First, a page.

– Take a look at this week’s schedule. Consider canceling one appointment or somehow opening up just one hour to create Sabbath-space.
– Consider what you might do in your Sabbath-space that lifts your spirit heavenward (plain old idle time rarely does the trick); make a list and fill your Sabbath-time with those activities.
– As you make a habit of creating small Sabbath-spaces in your schedule, challenge yourself to gradually increase that space with the goal of having a full day each week that is an experience of God’s presence.

Godspeed: Place

“There’s no place on this earth without the potential for unearthing holiness.” –Eugene Peterson

This Godspeed concept challenges us to live at “Godspeed” – a way of life that puts us in the place to be face to face with God and with each other. And ever since our human parents were infected with sin, we as a human race have been hiding from God and yet, in the depths of our hearts, desiring to know where we can find God.

This tension is found in John 4:19-26. Jesus is in the middle of an exchange with a woman who had been running, hiding through a maze of relationships, an outcast who was seeking water from a well in the middle of the day. Jesus has just had a very direct conversation about her personal life. Jesus in essence is saying, “where are you in your life right now?”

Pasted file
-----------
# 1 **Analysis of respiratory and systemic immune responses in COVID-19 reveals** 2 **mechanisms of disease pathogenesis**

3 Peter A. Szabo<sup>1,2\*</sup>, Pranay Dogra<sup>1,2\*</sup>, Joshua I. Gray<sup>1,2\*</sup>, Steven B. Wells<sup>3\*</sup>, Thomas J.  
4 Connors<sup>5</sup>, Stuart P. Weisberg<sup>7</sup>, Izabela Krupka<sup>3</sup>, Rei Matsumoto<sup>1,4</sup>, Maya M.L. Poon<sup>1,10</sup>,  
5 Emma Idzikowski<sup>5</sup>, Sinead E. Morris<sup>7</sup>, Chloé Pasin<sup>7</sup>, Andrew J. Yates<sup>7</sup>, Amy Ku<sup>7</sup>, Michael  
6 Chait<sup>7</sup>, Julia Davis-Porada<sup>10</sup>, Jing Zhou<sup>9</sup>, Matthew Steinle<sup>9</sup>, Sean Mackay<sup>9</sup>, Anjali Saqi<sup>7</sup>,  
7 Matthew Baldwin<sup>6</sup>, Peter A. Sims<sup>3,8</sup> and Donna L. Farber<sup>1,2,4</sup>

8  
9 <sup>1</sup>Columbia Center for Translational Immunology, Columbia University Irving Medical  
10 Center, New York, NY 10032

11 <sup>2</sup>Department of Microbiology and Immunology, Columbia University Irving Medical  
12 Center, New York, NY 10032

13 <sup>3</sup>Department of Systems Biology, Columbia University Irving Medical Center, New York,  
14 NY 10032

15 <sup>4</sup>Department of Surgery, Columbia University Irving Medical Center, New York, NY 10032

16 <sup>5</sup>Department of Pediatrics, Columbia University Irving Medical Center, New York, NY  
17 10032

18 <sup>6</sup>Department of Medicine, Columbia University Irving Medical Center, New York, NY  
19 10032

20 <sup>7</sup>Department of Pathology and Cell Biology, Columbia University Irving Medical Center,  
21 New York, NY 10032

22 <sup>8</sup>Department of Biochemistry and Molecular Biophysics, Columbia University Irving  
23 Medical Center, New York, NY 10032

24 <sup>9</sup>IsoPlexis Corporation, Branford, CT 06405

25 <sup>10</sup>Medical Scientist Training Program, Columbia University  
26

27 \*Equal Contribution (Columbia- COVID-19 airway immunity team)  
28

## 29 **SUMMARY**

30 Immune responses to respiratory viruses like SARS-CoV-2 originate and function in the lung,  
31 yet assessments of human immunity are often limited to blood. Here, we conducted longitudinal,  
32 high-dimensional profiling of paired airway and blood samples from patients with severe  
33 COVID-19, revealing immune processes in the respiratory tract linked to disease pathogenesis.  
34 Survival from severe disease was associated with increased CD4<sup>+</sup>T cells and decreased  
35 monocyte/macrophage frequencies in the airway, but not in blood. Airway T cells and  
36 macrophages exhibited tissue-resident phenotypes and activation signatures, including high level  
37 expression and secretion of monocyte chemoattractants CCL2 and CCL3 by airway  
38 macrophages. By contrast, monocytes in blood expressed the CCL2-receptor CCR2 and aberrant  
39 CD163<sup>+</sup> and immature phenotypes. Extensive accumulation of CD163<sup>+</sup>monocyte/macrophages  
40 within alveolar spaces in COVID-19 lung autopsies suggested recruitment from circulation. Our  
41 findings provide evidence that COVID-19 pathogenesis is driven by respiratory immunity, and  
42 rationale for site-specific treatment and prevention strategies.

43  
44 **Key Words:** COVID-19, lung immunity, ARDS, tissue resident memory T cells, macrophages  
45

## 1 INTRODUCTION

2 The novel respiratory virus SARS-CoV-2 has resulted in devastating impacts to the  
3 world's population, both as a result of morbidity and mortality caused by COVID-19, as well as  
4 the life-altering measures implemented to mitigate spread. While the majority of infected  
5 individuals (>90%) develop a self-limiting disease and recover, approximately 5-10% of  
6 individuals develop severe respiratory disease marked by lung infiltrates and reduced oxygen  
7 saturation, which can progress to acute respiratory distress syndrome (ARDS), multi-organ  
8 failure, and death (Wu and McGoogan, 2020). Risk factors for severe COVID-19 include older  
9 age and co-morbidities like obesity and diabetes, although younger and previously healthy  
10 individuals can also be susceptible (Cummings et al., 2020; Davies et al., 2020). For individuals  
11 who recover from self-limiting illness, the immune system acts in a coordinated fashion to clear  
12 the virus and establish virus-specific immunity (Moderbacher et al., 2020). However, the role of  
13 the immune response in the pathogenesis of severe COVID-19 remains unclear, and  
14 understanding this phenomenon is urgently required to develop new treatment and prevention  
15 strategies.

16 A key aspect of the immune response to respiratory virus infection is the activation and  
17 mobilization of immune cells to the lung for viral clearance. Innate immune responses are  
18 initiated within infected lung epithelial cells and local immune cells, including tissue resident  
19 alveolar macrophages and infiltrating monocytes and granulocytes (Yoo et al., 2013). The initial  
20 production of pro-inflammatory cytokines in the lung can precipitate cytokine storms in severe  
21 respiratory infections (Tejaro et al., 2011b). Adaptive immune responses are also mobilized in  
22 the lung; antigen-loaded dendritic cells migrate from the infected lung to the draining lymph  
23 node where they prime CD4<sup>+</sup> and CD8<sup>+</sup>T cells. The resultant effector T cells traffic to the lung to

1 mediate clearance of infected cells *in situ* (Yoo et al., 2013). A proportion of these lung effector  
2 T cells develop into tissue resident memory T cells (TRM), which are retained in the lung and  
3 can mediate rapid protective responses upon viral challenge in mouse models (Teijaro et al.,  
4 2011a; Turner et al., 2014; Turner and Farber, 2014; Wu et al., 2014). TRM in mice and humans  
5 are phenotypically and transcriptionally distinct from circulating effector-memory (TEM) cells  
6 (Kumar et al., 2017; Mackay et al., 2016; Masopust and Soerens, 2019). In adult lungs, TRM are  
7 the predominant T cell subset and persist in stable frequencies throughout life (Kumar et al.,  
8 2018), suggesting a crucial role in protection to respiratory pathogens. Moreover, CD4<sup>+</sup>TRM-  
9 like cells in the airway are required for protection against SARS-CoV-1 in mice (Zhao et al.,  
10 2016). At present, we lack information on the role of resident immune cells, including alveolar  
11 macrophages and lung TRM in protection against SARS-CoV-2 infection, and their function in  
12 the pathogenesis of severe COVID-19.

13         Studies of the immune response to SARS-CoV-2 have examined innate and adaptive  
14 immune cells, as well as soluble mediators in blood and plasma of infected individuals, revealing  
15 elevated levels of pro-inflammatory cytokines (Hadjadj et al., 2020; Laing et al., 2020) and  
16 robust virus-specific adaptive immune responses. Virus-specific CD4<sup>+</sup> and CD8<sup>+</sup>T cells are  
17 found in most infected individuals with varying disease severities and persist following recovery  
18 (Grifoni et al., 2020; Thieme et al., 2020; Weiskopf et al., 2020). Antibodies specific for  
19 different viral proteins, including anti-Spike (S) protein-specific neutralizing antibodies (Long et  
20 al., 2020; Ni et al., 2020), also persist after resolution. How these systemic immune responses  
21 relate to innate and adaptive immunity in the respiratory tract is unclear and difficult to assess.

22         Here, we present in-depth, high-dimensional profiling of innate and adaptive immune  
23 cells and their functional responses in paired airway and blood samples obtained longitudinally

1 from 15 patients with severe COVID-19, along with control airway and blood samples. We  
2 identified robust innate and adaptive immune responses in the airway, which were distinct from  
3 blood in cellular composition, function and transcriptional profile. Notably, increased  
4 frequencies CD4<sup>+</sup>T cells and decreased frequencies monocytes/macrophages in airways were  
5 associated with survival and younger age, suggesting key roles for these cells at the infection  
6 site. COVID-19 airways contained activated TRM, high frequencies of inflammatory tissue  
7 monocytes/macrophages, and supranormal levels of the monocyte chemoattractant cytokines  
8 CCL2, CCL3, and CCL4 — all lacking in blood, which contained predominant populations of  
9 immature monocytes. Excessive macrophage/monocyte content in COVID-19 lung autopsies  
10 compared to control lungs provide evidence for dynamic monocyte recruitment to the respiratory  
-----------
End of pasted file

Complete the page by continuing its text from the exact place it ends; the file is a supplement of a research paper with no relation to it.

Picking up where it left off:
Ironically, the woman shifts the awkward personal conversation to the hot topic of the day– which location is the place where God is to be found? I think the original hearers would see the humor in this. She’s staring the God son in the face… proposing where he can is found.

And of course Jesus gets right to the point: God is not in Rome or Mecca. Not in the places where you think you must go to find God, Jesus said. “God is spirit, and his worshipers must worship in the Spirit and in truth” (4:24).

I’ll never forget a moment 5 years ago when in the middle of the week, a couple came into our sanctuary and was right here on the stairs weeping, full bodied grief and they were desperate. They were pleading with God to take care of their baby girl, just months old, who passed away in her sleep the night before. They were stricken with overwhelming grief and even though they weren’t people of faith, they sought the only place they could think of to find God. This place. And they met God here through the people of this church.